Louie Anderson Returns to Erie
The veteran comedian discusses his upcoming show at Jr's Last Laugh and how he he keeps comedy fun after years in the business.
Between his stand-up comedy specials, multiple books, and an Emmy Award-winning animated show, Louie Anderson has made a lot of people laugh in his career. The veteran comedian and former host of The Family Feud isn't looking to slow down anytime soon, however, as he's still actively writing and coming up with what he thinks is his best work yet.
The proud Minnesotan will be putting his new material on display at Jr's Last Laugh during a six-show, four-night run starting Thursday, April 16. I had a chance to chat with Louie about his upcoming stint in Erie, what he does to keep focused with comedy, and what would happen if someone were to send "Karen the fruit buyer" to pick him up from the airport.
Alex Bieler: You're back in Erie after visiting early in 2014. Did Erie make a big impression on you?
Louie Anderson: I had so much fun!
AB: Was it your first time through?
LA: I think it was. Well, I may have been in Erie one other time, but I can't remember, to be honest with you. That's one of the main things about getting older. I like it when people come up to me and go "we had a lot of fun when you were here last time" and I say "did we?" I just agree with them because I don't want them to think I'm feeble minded yet.
AB: So how have you been doing since your last visit?
LA: I've been working really hard on a bunch of new material. It's been really fun. I love being funny, and I love coming up with new jokes. I love what I do still.
AB: That's good. You've been doing stand-up comedy for a while now. How do you keep it fresh instead of it feeling just like a job?
LA: I have a talk with myself before every show. I just say, "Listen, you're a really great comic, and these people have come a long way to see you. You really know what you're doing, and you'll find a way to make these people forget about their troubles for the next hour and 15 minutes and find out something new about yourself in the process. And maybe, if everything works out, people will go away saying 'that's the best show I ever saw.'"
I think a person has to remind themselves why they do things. Say I'm on a phone call and somebody upsets me or I get some bad news. I better clear that slate before I get out with that audience, because I'm going to take that phone call with me and they're not going to understand why I'm sad or mad. They don't care. They didn't come for my problems; they came away to get away from theirs.
AB: Is that something that can be difficult to do?
LA: I think I did it more early on, but recently I've been writing a book about stand-up and did a boot camp a few years ago where I talked to comics – and all of the stuff I told them, I had to reevaluate with myself. That was an eye-opening experience for me. I told them to write more and do more, and because of that I shot a new special a year later.
AB: So it forced you to take your own advice.
LA: Yeah, otherwise I'm a hypocrite. Also, I like being challenged, and I think it was a good experience. If you really love what you do, you put up with the two airports, the person that's supposed to be in Vegas to pick you up, the hotel being not as good as you thought it would be, the food being less than adequate sometimes, the weather being terrible… if you love what you do, you have to be willing to put up with those things and dismiss them as part of the deal.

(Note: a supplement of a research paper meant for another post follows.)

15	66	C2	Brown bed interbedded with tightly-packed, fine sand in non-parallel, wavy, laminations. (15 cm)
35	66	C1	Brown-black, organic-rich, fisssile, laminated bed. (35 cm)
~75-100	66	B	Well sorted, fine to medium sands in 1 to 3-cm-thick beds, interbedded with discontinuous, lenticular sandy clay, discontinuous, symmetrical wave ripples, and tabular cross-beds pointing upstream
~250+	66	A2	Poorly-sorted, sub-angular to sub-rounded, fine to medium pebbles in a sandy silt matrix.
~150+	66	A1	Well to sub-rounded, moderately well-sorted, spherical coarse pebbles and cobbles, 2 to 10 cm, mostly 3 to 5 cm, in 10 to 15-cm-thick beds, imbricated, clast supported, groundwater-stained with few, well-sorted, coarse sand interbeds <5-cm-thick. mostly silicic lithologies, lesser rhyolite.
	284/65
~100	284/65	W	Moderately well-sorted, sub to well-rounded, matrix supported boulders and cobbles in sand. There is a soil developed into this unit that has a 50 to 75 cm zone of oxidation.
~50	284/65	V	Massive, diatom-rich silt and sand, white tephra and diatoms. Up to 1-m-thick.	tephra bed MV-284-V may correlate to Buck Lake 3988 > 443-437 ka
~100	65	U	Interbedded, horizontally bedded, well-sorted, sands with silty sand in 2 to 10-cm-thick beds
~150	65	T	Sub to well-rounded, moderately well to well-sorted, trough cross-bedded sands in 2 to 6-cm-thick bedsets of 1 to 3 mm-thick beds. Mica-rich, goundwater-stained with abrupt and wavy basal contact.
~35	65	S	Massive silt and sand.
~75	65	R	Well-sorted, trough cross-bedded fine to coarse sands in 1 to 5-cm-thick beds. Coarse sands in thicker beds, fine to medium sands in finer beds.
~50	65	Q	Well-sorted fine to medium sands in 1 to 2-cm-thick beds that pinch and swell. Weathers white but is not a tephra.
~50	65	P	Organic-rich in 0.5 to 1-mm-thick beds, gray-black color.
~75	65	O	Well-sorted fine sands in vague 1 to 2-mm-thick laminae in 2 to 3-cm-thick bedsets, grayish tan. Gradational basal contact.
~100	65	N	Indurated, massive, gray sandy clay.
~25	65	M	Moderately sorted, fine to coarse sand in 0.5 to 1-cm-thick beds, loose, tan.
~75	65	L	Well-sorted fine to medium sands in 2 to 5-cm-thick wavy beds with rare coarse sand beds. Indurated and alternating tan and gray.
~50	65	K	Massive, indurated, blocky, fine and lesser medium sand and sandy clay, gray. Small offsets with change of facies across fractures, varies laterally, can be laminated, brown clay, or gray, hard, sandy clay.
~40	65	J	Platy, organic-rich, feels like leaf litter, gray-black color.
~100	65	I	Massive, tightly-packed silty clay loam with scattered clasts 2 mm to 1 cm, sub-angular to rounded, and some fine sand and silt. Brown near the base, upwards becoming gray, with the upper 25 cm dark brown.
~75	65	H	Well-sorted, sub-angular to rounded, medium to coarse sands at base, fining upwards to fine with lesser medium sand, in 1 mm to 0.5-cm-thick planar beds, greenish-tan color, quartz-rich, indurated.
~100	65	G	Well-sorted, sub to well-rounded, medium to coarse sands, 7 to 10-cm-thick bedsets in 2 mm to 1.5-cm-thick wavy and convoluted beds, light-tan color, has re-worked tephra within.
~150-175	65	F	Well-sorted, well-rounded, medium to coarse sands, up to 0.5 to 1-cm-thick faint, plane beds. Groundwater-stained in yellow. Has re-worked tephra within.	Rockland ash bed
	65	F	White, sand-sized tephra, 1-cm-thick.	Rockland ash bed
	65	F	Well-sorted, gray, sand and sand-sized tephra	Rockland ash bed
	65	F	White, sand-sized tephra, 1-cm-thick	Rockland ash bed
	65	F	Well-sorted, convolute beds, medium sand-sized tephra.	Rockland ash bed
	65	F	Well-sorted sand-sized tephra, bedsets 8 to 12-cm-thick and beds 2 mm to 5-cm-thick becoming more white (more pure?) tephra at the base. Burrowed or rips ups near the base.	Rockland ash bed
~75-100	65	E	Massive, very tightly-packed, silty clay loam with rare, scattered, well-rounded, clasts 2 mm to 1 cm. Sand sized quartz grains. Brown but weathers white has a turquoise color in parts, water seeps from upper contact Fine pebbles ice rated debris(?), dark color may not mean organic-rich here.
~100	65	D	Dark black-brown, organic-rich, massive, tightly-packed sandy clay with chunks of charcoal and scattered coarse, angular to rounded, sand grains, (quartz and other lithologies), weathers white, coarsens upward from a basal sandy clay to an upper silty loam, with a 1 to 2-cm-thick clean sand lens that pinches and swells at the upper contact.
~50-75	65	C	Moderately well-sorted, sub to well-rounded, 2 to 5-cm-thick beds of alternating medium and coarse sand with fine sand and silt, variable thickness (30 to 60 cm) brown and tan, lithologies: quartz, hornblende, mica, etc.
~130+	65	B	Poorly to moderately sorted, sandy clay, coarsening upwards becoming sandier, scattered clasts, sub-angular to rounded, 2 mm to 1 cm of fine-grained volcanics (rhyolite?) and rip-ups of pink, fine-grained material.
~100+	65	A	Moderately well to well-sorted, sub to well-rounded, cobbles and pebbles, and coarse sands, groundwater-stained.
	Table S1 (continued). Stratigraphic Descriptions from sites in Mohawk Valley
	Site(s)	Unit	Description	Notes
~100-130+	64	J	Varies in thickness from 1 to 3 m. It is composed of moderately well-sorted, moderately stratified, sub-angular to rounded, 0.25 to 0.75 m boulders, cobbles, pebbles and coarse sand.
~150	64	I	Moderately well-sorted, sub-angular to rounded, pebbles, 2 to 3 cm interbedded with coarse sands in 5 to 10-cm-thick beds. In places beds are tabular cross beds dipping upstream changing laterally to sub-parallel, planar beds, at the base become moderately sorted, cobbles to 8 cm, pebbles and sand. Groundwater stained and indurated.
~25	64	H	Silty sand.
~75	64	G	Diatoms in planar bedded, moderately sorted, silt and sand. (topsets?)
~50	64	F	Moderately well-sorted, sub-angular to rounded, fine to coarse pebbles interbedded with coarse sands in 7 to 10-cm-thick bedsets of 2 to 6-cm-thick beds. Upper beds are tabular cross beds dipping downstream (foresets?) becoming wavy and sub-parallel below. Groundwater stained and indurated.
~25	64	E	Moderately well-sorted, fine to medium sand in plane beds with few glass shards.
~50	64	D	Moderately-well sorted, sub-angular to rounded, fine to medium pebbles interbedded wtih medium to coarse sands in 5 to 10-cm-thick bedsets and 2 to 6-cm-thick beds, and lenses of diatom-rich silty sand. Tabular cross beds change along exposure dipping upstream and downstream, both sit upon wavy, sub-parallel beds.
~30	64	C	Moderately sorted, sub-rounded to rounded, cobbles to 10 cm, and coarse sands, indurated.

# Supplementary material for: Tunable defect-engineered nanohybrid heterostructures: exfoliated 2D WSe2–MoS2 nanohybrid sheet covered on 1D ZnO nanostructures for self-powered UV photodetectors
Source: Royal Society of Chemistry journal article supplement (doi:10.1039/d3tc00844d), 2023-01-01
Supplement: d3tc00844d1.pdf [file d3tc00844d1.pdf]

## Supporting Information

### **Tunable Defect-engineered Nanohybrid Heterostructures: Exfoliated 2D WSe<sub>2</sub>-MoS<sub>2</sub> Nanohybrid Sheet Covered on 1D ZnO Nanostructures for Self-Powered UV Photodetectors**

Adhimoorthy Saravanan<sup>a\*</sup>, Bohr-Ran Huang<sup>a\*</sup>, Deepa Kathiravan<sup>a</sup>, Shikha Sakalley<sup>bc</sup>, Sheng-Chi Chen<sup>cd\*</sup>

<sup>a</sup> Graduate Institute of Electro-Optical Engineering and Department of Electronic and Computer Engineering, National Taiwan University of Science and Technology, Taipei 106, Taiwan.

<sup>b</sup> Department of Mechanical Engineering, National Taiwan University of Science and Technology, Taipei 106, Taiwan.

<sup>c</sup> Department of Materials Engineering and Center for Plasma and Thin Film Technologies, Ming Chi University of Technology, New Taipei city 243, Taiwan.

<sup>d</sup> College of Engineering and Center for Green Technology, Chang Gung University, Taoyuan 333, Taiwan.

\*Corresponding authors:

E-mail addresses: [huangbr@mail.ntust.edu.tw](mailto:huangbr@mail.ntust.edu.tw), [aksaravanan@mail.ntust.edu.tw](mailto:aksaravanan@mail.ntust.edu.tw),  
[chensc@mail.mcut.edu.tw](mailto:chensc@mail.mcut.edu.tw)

It's hard to travel nowadays. It' s not easier. Well, in some ways yes, as in olden times, it's easier, because I'm not going by stagecoach. My goal is really simple. My goal is to go where people see me and I turn their day around and relieve them temporarily of the burden they're going through. I think it's the same for all artists. If you believe in what you do, you get a tremendous amount of gratitude for having this ability, and I'm very grateful and humbled by the fact that I can do what I can do. For the most part right now, I think I'm doing the best work I've ever done.
AB: Did someone actually forget to pick you up recently or is that just a general anecdote?
LA: That's just a general thing. They either forget or they're late or they're in the wrong part of the airport. Comedy clubs sometimes just send Karen who orders the fruit, and it's not the same thing.
AB: But she might have fruit with her, so you've got that.
LA: That's a good part [Laughs]. I'll never use that example again, because I don't want someone to be funnier than me. No, I'm just kidding you. I'm impressed you came up with it. I'm going to use it in my act, so thank you. Here's how you make that joke… So I'm in a bad mood because the comedy club usually sends a driver, but they thought they would save money and send Karen who buys the fruit. Karen finally gets there, and I say "Where have you been?" "Oh, I was cutting fruit. Here, I brought you some!" "Oh, okay then." Something like that. Maybe it would be better if she orders the desserts, but people might see that coming, but fruit they wouldn't see coming. That's how jokes are written, just like what we just did.
AB: You have The Louie Anderson Podcast where you talk with other comedians. Do you get a lot of jokes from that?
LA: No, my podcast is more about the comedian's journey. I want to know the journey they took to get where they are and I'm trying to help other comics who are starting out get an idea of what they're in for. Mostly, I just want to know how they got to where they are, because that's the most important part of life: the journey. The rest is fairly disappointing. I love being who I am, but you can only get so many fruit trays.
7 p.m. April 16, 6:30 and 8:30 p.m. April 17 and 18, and 5 p.m. April 19 // 1402 State St. // jrslastlaugh.net